The movie also suffers badly in the inevitable comparisons to Mike Figgis's similarly-themed Leaving Las Vegas. While Duane Hopwood is not so much a bad film as just underwhelming, it is still inferior to Leaving Las Vegas in nearly every respect. While Vegas uses the most glittering city in the world as its backdrop, Hopwood is filmed among the moldering ruins of Atlantic City. Whereas Nicholas Cage's performance as Ben was the most harrowing portrayal of alcoholism in modern times, too often Schwimmer's Duane brought to mind Homer Simpson's struggle with beer addiction in the episode "Duffless." Then there are the women: In Leaving Las Vegas Elizabeth Shue gave what is easily the best performance of her career as Sera, an abused hooker who accepts Ben's alcoholism without protest. In Duane Hopwood, Janeane Garofalo (Reality Bites) plays Linda, the nagging wife.
While Garofalo does all she can with this thankless role, the marital strife between Duane and Linda is never intense enough to be engaging. Even when Duane waves a baseball in front of Linda and her new boyfriend, Mulhern quickly resolves the tension with a couple hugs, a montage and some overwrought indie music. While Duane Hopwood is a fairly engaging movie, it ultimately plays like an unnecessary, made-for-television remake of the far more uncompromising Leaving Las Vegas.
HBO has done this film little favor by releasing the film in an underwhelming DVD package. While the grainy picture and muted soundtrack may be appropriate for the drab Atlantic City environs, it still makes for disappointing viewing. The DVD also includes commentary with Schwimmer and Mulhern. Early in the commentary Schwimmer admits that both are "commentary virgins." This becomes all too evident during the long pauses, which are often broken by comments such as: "So...maybe we should say something about this scene."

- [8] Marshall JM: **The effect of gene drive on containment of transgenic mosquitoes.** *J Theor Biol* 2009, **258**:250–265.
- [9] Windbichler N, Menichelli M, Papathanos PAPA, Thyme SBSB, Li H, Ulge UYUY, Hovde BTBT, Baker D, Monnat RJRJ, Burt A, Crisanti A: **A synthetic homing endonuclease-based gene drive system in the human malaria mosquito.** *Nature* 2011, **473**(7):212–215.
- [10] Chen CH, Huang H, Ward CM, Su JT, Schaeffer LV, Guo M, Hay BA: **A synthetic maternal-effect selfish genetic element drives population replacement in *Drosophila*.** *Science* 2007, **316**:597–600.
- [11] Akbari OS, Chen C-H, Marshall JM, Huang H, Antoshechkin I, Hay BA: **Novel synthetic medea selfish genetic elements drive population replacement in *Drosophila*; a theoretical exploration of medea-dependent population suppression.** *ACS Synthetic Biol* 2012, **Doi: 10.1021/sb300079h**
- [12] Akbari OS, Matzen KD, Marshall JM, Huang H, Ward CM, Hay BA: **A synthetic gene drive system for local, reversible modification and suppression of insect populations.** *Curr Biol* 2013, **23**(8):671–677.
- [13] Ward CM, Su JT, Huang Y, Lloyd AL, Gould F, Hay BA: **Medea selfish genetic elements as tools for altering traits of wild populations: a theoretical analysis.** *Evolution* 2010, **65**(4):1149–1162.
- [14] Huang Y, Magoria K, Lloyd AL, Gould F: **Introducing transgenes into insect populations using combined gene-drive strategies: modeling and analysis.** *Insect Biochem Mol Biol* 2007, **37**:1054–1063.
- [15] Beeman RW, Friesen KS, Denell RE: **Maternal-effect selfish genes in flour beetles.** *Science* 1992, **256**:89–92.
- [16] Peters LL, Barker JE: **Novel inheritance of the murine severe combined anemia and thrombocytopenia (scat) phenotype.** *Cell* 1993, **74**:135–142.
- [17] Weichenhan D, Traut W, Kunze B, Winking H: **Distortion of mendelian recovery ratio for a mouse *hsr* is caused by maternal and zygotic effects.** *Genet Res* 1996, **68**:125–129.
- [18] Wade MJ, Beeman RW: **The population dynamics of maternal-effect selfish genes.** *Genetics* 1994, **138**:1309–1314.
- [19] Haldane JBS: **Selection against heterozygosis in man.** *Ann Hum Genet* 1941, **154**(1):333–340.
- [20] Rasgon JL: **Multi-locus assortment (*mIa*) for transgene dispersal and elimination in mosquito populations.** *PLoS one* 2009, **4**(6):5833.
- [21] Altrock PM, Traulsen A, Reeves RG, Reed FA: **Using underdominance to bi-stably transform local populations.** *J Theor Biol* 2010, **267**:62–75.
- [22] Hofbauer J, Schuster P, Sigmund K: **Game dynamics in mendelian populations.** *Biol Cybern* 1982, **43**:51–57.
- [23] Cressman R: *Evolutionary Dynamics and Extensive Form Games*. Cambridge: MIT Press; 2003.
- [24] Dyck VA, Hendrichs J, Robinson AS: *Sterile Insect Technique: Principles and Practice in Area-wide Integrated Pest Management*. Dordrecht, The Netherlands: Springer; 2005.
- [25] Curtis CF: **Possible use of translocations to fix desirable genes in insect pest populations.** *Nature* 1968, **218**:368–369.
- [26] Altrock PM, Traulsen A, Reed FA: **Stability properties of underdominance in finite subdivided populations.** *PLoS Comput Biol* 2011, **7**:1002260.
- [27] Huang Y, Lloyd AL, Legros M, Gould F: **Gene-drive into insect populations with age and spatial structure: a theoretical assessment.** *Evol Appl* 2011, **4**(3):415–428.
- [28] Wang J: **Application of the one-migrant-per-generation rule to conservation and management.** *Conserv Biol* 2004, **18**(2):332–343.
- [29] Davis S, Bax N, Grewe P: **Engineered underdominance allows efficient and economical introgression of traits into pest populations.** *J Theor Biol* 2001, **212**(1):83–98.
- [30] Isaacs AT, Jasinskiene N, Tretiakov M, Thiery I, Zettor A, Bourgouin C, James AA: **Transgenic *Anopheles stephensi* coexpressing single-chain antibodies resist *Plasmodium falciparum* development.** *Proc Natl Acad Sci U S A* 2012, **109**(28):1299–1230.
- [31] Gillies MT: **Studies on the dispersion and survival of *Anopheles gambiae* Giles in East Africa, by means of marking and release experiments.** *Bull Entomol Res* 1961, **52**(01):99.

You know, the strange thing is, despite this film's mediocrity it may actually be the best film starring a male cast member of Friends. Do these guys not have agents or something?
Unfortunately, Duane Hopwood is neither good enough to be truly engaging nor bad enough to be enjoyed ironically. My guess is that in only a few years this film will entirely disappear from the national consciousness. Rather than Duane Hopwood it will simply be known as The Movie Where the Guy From Friends Played an Alcoholic.
Guilty of treading in the wake of a far superior movie. The shadow of Leaving Las Vegas looms large, and it totally eclipses this film.
Review content copyright © 2006 Brendan Babish; Site layout and review format copyright © 1998 - 2016 HipClick Designs LLC
Scales of Justice
* 1.85:1 Anamorphic
* Dolby Digital 5.1 Surround (English)
Running Time: 83 Minutes
Release Year: 2005
MPAA Rating: Rated R
* Audio Commentary with David Schwimmer and Director Matt Mulhern
* Theatrical Trailer